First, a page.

Two years ago, the government put an end to a covert—and lucrative—Wall Street practice of surveying stock analysts for their opinions on companies beyond what they’d put in their research reports—a practice regulators dubbed “Insider Trading 2.0.”
Rather than the typical buy/sell/hold recommendations and price targets, the surveys asked analysts to answer a series of questions about the companies they covered—say, to rank them in order of competitive position, or rate their likelihood of an earnings surprise on a scale of 1 to 9. Quantitative investors would then plug the data into their trading algorithms to in order to beat the market and make money. That didn’t sit well with the New York Attorney General, who thought the traders were getting an unfair advantage. Blackrock
didn’t admit to any wrongdoing, but paid $400,000 to the New York AG to “cover the cost of the investigation,” and agreed, along with 18 other financial firms, to stop soliciting analysts’ responses or answering the surveys.
There was just one problem: Hedge funds had relied on the analysts’ stock rankings; certain fund managers still swear it was the biggest source of alpha they’d ever had. And it was gone.
Now, a startup thinks it’s come up with an above-board way to obtain the data that’s just as valuable to investors—and this time, anyone can put money on it. Estimize, a company that specializes in crowdsourcing earnings estimates that it says are more accurate than Wall Street’s consensus 74% of the time, is launching Forcerank, a game some are describing as the stock market version of fantasy sports sites FanDuel and DraftKings.
The app, which opens Thursday to the several thousand people already on its wait list as well as the general public, asks players to rank sets of 10 stocks in order of which they think will perform best in the upcoming week. Forcerank players whose rankings most accurately matched the stocks’ returns relative to each other at the end of the week can win cash rewards ranging from a few bucks to $4,000 for first place in a large prize pool game the company plans to hold in the next few weeks.
Unlike Estimize, which allows anyone to post earnings forecasts for free and doesn’t offer rewards for accuracy, Forcerank contests cost $5 to $100 to enter (with free contests offered occasionally). That’s partly to encourage people to “compete better,” says CEO Leigh Drogen, as well as just to make the game more fun. And while the entry fees are helping to fund the app’s development for now—in addition to the $7 million Estimize raised last year—”that’s not our business,” says Drogen. He expects to make a lot more money selling the data gleaned from the rankings to hedge funds and other investors, who may find it as useful in predicting stocks’ movements as the analyst surveys were, as Forcerank players’ attitudes about companies could reflect the market’s as a whole.
“I think companies like Estimize have proved that crowdsourced data has value, and we’re a big believer in that,” says Matt Ober, co-head of data strategy at major hedge fund WorldQuant, which was Estimize’s first client as well as an investor in the startup through WorldQuant’s venture capital arm.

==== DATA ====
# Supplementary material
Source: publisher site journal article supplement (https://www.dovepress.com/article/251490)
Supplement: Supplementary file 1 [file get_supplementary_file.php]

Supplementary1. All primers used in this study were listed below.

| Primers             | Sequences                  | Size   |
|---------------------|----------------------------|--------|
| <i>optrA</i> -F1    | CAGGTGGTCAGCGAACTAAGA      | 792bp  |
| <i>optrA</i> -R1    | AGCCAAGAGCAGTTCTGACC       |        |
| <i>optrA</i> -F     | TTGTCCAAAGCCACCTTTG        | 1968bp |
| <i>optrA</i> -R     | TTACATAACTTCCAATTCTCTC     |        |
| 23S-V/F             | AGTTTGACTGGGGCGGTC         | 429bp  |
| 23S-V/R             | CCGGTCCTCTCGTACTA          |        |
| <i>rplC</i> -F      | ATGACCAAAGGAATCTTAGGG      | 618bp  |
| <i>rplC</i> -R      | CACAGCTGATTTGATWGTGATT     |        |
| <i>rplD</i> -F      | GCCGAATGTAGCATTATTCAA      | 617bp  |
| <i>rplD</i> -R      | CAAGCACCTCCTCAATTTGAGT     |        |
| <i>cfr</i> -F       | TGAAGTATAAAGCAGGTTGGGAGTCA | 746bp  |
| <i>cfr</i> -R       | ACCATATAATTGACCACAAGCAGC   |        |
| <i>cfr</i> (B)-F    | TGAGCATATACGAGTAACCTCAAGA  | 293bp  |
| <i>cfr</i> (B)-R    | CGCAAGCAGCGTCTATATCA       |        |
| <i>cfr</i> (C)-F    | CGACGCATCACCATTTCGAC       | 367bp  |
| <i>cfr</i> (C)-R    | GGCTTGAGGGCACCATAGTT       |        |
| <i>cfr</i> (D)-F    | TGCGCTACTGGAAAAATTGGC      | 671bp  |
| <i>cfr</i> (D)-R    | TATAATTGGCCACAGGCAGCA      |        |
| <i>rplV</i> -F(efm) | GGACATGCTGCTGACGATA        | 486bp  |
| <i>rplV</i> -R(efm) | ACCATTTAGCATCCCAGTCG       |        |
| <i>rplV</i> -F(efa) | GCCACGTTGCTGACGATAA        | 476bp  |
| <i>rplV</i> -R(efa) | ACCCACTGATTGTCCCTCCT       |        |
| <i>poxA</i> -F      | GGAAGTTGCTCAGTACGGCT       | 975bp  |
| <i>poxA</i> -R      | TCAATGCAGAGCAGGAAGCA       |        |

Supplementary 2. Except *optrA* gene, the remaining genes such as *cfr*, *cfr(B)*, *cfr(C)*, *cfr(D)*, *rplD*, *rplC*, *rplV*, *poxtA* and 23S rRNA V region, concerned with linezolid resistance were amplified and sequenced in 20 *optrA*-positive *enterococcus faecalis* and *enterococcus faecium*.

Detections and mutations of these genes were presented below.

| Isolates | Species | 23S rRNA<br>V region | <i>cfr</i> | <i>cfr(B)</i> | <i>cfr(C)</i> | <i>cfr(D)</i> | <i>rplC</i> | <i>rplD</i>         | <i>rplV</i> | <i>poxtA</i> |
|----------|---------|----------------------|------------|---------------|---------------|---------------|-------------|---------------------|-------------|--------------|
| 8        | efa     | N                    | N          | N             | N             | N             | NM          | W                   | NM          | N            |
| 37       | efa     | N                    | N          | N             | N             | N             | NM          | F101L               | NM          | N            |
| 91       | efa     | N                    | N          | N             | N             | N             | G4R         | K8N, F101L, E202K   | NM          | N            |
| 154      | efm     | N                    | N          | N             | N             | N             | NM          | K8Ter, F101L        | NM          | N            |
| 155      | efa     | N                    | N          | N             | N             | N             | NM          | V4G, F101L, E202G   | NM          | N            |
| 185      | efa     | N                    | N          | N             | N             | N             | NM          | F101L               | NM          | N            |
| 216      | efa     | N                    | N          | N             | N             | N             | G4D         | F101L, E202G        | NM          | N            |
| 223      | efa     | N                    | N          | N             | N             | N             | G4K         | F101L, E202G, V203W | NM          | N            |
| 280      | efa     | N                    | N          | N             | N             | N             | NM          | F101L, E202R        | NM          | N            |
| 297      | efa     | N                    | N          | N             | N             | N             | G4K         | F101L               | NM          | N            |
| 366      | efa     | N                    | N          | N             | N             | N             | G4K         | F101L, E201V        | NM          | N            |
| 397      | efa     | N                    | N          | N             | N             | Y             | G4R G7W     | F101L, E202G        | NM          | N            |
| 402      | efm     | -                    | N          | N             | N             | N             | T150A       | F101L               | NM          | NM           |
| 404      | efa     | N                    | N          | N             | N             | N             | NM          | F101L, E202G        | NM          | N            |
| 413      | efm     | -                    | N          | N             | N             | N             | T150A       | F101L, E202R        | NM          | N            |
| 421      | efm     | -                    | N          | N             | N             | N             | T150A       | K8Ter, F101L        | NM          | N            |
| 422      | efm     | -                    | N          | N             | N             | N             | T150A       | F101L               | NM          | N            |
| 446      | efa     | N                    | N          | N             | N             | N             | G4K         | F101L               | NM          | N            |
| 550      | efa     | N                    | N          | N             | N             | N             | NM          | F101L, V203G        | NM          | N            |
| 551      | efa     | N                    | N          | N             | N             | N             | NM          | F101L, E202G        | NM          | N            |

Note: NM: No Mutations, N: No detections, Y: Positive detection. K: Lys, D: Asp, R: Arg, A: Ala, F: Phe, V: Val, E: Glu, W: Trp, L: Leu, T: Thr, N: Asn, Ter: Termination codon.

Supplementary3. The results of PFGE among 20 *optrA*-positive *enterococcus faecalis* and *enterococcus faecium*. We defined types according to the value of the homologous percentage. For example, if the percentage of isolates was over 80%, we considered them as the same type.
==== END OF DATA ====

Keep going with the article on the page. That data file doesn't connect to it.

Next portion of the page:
While the stock-ranking game seems similar to the way FanDuel gamers “draft” a roster of their top football players, Forcerank’s awards are simply based on stocks’ relative performance, regardless of how well or poorly the stocks actually performed. In a technology contest on Forcerank, for example, competitors can rank Amazon
, along with seven other e-commerce stocks, according to which they believe will post the highest returns next week. If someone ranked Amazon first, the player would receive 100 points if Amazon’s shares rose, say, 5% to beat the rest of the stocks. But if Netflix bested them all with a 6% return, players would get 50 points if they’d ranked it second, another 50 points for being one spot off on Amazon, and so on (with fewer points awarded the farther away they were in their stock placements).
Fantasy sports prizes, on the other hand, are heavily tied to whether teams win or lose. Estimize also contends that there’s another important difference insulating Forcerank from the gambling accusations that have recently plagued fantasy sports sites, along with failed market betting ventures like Intrade: Forcerank is not a game of chance—the legal definition of gambling. Nor does it facilitate trades or sell derivatives, financial instruments that could constitute illegal trading in such an unregulated marketplace.
“This is clearly game of skill; we’ve proved that beyond a shadow of a doubt,” says Drogen, adding that certain competitors turned out to be repeat high-scorers during the app’s six-week beta testing period, demonstrating an aptitude for market predictions. Of course, the daily fantasy sports sites, and poker websites before them, have tried to make the same argument.
Nonetheless, Drogen is taking special care to avoid the mistakes and problems that have befallen the fantasy sports companies; Estimize employees aren’t allowed to compete in Forcerank contests, and the game limits players to one entry per contest. “We’ve done a lot of homework to make sure we didn’t trip up on this question, because we know that there’s going to be a certain amount of loud and idiotic commentary from the peanut gallery,” says Drogen, “Because it is an interesting thing that we’re rolling up, and to some people does look close to what they’re doing.”
While Estimize has so far resisted clients’ requests to offer buy-sell-hold recommendations and ratings on stocks in addition to simple earnings forecasts, Drogen thinks Forcerank’s data could meet the same need, believing that once the contests gain momentum they could “legitimately replace buy sell hold within a couple of years.” And if that works? He envisions creating a Forcerank ETF so that any investor could literally bet on the data.